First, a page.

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What does 'Float' mean

Money in the banking system that is briefly counted twice due to delays in processing checks. Float is created when a bank credits a customer’s account as soon as a check is deposited. However, it takes some time for the check to be received from the payer’s bank. Until the check clears from the payer’s bank, the amount of the check appears in the accounts of both the recipient’s and payer’s banks.

Float may also refer to the total number of shares available for trading. Float is calculated by subtracting closely-held shares from the total number of outstanding shares.

BREAKING DOWN 'Float'

Since float is essentially double-counted money, it can distort the measurement of a nation’s money supply by briefly inflating the amount of money in the banking system. This can complicate monetary policy implementation.

For instance, the Federal Reserve – which processes one-third of all checks in the U.S. – has observed that although the amount of float fluctuates randomly, there are definite weekly and seasonal trends. For example, float usually increases on a Tuesday due to a backlog of checks over the weekend, as well as during the months of December and January because of higher check volume during the holiday season. The Federal Reserve uses these trends to forecast float levels, which are then used in the actual day-to-day implementation of monetary policy.

The Federal Reserve also defines two types of float. Holdover float is caused by delays at the processing institution, typically due to weekend and seasonal backlog. Transportation float occurs due to inclement weather and air traffic delays, and is therefore highest in the winter months.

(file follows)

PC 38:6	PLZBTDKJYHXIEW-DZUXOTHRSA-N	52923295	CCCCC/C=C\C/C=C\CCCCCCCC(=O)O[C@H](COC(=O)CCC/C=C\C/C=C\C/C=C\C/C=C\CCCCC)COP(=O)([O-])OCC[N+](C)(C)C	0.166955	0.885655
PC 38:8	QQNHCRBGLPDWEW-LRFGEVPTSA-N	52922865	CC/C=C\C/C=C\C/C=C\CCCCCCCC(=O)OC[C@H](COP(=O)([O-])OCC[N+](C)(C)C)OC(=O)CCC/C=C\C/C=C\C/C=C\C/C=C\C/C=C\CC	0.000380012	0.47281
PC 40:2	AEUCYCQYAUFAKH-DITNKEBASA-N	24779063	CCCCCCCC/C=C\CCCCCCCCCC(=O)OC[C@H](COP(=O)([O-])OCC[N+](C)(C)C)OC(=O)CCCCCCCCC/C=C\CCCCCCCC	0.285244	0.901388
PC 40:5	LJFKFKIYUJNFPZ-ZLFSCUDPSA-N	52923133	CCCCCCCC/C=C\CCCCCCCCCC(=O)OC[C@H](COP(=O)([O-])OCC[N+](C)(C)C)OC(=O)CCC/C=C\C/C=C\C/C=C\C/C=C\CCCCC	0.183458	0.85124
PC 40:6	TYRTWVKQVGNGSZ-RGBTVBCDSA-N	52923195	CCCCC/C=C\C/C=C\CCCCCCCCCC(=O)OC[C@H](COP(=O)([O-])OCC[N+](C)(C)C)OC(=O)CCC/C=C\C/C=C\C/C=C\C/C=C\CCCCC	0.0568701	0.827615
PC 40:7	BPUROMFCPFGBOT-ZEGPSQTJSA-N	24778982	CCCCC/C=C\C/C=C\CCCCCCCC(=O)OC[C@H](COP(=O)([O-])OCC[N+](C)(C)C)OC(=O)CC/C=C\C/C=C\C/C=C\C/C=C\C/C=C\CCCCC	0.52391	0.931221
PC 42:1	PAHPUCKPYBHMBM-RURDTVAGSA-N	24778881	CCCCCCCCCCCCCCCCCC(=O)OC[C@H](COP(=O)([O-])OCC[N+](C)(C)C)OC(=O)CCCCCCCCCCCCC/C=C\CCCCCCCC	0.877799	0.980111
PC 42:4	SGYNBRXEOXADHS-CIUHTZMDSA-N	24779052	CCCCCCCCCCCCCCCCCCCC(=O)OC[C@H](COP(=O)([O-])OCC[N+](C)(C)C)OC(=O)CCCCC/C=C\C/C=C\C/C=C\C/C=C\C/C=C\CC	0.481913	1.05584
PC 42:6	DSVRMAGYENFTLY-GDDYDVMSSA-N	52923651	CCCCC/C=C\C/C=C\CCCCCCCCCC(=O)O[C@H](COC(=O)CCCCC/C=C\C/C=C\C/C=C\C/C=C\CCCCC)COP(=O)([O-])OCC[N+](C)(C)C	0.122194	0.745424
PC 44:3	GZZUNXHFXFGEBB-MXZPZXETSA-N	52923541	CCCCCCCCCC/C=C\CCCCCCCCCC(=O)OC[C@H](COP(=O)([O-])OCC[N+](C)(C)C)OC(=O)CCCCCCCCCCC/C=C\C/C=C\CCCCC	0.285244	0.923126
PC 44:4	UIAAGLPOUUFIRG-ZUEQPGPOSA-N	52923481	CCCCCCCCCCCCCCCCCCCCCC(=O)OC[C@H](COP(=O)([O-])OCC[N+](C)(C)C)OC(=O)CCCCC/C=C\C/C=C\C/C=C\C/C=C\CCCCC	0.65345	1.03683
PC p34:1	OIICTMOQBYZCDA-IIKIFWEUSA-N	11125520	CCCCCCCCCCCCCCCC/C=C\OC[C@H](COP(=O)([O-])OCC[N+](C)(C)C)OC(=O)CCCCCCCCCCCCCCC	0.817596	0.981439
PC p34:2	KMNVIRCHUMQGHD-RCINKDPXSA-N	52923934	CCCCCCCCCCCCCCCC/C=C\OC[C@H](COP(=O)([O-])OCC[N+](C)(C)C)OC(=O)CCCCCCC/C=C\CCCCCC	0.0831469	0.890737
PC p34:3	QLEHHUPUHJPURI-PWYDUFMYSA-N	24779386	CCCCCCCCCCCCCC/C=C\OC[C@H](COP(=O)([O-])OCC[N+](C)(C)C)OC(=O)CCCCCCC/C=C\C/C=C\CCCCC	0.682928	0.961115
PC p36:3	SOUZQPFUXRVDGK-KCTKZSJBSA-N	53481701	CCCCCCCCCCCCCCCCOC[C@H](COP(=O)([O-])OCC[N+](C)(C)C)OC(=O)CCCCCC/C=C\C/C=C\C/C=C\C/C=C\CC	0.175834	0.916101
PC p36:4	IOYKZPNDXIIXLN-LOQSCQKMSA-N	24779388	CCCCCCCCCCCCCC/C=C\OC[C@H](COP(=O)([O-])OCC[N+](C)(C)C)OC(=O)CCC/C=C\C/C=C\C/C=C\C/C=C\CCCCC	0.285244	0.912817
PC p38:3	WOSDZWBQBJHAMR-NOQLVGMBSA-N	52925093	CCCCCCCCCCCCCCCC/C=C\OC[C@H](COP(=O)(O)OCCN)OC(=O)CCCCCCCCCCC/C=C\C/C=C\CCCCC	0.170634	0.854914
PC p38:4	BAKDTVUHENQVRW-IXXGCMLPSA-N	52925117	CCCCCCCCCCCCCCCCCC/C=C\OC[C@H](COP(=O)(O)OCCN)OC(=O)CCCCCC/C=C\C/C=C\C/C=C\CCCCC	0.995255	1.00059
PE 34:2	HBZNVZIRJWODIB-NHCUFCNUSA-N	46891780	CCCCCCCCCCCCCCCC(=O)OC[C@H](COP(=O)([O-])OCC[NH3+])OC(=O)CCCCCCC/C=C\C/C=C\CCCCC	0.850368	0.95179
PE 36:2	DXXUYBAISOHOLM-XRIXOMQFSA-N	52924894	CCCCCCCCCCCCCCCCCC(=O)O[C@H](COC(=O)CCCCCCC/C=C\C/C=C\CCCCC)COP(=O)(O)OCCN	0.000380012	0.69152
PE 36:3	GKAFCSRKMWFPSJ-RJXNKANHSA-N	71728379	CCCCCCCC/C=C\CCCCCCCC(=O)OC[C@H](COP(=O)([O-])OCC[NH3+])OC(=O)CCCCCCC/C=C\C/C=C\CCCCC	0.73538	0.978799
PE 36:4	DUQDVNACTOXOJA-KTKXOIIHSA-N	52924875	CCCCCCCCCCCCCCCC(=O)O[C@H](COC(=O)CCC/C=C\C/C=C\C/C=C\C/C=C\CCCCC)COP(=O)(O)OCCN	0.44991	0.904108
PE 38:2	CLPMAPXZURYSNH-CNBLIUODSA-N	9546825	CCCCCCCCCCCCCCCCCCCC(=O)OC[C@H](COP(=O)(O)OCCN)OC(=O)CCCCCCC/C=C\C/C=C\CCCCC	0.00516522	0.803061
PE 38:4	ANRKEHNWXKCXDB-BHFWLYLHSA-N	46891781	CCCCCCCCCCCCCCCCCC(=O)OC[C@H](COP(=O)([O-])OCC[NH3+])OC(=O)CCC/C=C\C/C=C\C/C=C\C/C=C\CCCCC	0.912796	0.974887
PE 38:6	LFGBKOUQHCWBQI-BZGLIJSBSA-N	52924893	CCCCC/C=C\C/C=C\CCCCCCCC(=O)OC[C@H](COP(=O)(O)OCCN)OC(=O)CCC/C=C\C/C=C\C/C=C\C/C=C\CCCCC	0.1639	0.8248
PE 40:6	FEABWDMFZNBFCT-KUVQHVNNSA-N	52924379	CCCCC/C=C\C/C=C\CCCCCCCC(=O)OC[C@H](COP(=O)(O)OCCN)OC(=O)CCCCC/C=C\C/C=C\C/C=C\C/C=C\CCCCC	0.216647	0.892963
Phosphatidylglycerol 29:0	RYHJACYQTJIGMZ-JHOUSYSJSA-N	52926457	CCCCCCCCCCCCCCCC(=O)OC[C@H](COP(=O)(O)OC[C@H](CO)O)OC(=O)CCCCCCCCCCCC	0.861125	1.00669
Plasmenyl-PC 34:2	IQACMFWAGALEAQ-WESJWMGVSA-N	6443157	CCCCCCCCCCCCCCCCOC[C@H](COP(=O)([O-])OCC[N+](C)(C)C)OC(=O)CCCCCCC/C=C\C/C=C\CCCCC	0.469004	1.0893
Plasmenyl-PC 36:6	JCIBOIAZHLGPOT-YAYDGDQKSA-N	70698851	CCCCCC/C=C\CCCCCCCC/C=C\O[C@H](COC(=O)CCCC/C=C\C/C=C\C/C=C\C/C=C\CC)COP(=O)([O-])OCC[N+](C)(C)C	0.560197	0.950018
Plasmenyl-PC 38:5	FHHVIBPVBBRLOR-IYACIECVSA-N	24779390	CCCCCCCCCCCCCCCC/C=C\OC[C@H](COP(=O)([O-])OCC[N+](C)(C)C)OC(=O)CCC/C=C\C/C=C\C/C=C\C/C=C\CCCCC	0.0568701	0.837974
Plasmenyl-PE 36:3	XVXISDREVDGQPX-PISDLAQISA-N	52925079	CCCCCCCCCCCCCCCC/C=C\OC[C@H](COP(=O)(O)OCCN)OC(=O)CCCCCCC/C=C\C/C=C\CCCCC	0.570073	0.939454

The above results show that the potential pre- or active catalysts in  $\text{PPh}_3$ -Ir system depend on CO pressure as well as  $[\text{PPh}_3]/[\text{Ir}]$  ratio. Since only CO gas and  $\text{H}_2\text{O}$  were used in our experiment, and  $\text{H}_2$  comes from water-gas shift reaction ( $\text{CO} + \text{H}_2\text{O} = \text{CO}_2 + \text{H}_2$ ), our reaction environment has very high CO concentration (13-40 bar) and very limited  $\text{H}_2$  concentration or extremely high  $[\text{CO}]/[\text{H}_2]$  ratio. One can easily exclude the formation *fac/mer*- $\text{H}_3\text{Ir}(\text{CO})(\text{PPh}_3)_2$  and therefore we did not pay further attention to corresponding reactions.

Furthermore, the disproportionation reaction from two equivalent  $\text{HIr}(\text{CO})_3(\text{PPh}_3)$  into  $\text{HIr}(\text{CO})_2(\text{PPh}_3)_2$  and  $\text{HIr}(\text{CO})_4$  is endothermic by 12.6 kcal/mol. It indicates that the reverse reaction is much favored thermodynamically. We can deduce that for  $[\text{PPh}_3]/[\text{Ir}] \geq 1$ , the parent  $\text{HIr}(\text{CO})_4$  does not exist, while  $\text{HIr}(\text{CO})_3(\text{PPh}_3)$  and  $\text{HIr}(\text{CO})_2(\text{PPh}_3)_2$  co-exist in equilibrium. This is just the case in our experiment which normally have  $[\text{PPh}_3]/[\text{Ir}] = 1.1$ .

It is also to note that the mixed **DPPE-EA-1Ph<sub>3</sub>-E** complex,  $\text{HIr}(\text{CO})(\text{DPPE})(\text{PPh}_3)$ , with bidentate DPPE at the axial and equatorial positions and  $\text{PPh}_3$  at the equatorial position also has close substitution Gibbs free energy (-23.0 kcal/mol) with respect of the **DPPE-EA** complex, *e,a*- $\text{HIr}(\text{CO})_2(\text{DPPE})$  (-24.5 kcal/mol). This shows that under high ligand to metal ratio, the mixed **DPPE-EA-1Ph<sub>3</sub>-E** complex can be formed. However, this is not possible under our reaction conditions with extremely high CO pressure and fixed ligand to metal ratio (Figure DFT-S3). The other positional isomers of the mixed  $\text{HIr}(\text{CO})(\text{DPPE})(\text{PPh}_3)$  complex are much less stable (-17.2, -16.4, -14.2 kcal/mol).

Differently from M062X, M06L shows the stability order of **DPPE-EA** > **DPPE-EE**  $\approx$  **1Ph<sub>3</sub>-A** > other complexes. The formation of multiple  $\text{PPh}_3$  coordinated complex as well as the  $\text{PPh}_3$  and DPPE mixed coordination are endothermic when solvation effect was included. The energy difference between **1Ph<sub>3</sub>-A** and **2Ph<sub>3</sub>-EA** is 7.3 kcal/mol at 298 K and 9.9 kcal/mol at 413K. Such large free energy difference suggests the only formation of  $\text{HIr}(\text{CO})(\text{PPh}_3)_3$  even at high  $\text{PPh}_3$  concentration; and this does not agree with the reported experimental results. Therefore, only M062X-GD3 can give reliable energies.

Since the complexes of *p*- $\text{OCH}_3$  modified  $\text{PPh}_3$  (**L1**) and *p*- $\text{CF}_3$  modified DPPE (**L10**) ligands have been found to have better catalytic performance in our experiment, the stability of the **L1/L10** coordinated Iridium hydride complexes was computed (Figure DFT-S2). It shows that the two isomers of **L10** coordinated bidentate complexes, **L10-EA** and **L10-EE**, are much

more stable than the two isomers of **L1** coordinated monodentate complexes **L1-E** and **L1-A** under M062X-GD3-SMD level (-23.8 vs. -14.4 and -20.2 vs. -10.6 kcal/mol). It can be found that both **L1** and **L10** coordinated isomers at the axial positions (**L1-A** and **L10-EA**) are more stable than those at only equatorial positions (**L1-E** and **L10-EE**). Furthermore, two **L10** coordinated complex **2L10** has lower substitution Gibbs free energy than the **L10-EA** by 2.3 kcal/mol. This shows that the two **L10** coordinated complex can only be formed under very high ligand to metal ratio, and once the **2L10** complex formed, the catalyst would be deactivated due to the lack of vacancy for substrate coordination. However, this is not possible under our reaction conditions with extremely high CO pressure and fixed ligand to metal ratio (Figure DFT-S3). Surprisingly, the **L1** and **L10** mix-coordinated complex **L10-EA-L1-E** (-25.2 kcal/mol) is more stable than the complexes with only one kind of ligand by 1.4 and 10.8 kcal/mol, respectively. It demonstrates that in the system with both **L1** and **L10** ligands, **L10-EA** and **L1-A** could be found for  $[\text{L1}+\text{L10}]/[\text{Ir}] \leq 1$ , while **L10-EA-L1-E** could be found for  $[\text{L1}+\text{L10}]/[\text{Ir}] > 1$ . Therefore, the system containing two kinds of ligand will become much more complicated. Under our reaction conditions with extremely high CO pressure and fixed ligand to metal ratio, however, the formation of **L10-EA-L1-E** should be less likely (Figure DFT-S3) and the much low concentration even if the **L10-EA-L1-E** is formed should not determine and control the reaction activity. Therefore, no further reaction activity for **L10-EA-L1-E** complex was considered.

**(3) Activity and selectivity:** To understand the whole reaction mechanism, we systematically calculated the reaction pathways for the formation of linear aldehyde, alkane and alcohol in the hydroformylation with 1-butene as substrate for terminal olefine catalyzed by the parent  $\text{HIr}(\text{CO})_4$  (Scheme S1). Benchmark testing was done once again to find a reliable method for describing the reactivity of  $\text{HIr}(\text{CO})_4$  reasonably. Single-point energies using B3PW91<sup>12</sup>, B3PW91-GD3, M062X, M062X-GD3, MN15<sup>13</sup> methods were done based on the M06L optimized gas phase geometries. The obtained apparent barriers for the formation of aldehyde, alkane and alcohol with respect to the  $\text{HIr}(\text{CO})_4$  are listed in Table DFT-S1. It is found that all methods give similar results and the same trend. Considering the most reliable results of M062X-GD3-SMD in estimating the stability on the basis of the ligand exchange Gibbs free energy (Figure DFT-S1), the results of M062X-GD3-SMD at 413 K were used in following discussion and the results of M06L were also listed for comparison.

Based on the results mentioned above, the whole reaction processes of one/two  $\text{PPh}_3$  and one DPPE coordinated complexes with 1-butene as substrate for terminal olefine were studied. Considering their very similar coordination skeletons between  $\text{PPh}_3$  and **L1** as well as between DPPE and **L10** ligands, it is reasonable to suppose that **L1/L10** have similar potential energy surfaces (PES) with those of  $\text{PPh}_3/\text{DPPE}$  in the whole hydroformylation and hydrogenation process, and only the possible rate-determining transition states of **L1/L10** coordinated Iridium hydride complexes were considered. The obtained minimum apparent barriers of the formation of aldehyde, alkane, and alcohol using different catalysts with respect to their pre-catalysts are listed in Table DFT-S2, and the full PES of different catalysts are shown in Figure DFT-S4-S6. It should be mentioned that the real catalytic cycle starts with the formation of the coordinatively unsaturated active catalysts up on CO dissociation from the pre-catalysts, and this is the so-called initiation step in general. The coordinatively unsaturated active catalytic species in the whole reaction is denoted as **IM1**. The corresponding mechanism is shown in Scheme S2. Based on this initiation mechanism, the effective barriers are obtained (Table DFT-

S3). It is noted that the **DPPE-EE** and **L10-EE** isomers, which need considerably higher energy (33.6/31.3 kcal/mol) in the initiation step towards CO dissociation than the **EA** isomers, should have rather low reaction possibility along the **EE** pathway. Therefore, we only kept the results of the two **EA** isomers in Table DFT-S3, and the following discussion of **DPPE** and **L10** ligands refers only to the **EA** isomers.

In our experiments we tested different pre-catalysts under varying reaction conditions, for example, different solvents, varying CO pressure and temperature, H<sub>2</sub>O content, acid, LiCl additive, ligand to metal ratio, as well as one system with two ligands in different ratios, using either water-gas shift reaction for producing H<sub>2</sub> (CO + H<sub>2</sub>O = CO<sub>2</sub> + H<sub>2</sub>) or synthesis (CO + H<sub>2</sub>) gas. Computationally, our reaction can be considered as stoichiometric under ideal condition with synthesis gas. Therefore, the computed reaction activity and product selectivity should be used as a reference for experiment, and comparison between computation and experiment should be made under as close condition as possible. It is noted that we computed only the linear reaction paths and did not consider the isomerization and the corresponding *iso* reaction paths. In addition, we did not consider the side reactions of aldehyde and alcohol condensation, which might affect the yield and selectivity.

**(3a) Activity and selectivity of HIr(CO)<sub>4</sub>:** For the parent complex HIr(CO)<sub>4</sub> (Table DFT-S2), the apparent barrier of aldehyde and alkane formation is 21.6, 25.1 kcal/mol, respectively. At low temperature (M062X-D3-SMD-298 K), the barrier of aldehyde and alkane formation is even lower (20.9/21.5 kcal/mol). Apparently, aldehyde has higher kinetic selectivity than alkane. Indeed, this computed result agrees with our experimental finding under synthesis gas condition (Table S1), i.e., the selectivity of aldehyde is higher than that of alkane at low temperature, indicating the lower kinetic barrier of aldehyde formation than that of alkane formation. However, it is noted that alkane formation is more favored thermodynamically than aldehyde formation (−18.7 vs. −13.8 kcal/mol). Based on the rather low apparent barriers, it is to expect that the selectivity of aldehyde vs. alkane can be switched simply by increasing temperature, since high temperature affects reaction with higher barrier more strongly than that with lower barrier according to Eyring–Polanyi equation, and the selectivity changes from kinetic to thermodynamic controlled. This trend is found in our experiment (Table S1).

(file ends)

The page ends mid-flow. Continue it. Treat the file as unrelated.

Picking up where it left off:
Technological advances over the years have spurred the adoption of measures that substantially speed up payment and hence reduce float. These include the widespread use of electronic payments, the direct deposit of employee paychecks by companies, and the scanning and electronic presentation of checks (instead of their physical transfer). As a result, float in the U.S. has declined from a record daily average of $6.6 billion in the late 1970s – when it spiked due to high inflation and high interest rates – to only $774 million in 2000. The steady decline in the number of checks written each year, combined with the rapid adoption of innovative and convenient payment services, may make float a thing of the past.

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RELATED FAQS
  1. How does float affect the nation's money supply?

    Learn how float affects the appearance of the nation's money supply, and receive a brief lesson on how the U.S. government ... Read Answer >>
  2. In what ways has technology helped to reduce float?

    Learn more about the impact of float on the U.S. monetary system and how technology has changed the amount of float as measured ... Read Answer >>
  3. What does floating stock tell traders about a particular stock?

    Learn about what floating stock tells a trader about a particular stock. One commonality of the biggest winners in stock ... Read Answer >>
  4. What exactly is a company's float?

    The term "float" refers to the regular shares that a company has issued to the public that are available for investors to ... Read Answer >>
  5. How do I determine a company's floating stock?

    Find out more about floating stock, outstanding shares and restricted stock, and learn how to calculate the amount of a company's ... Read Answer >>
  6. What is the difference between a company's outstanding shares and its float?

    Understanding share counts, including outstanding shares relative to float, is an integral part of determining whether or ... Read Answer >>
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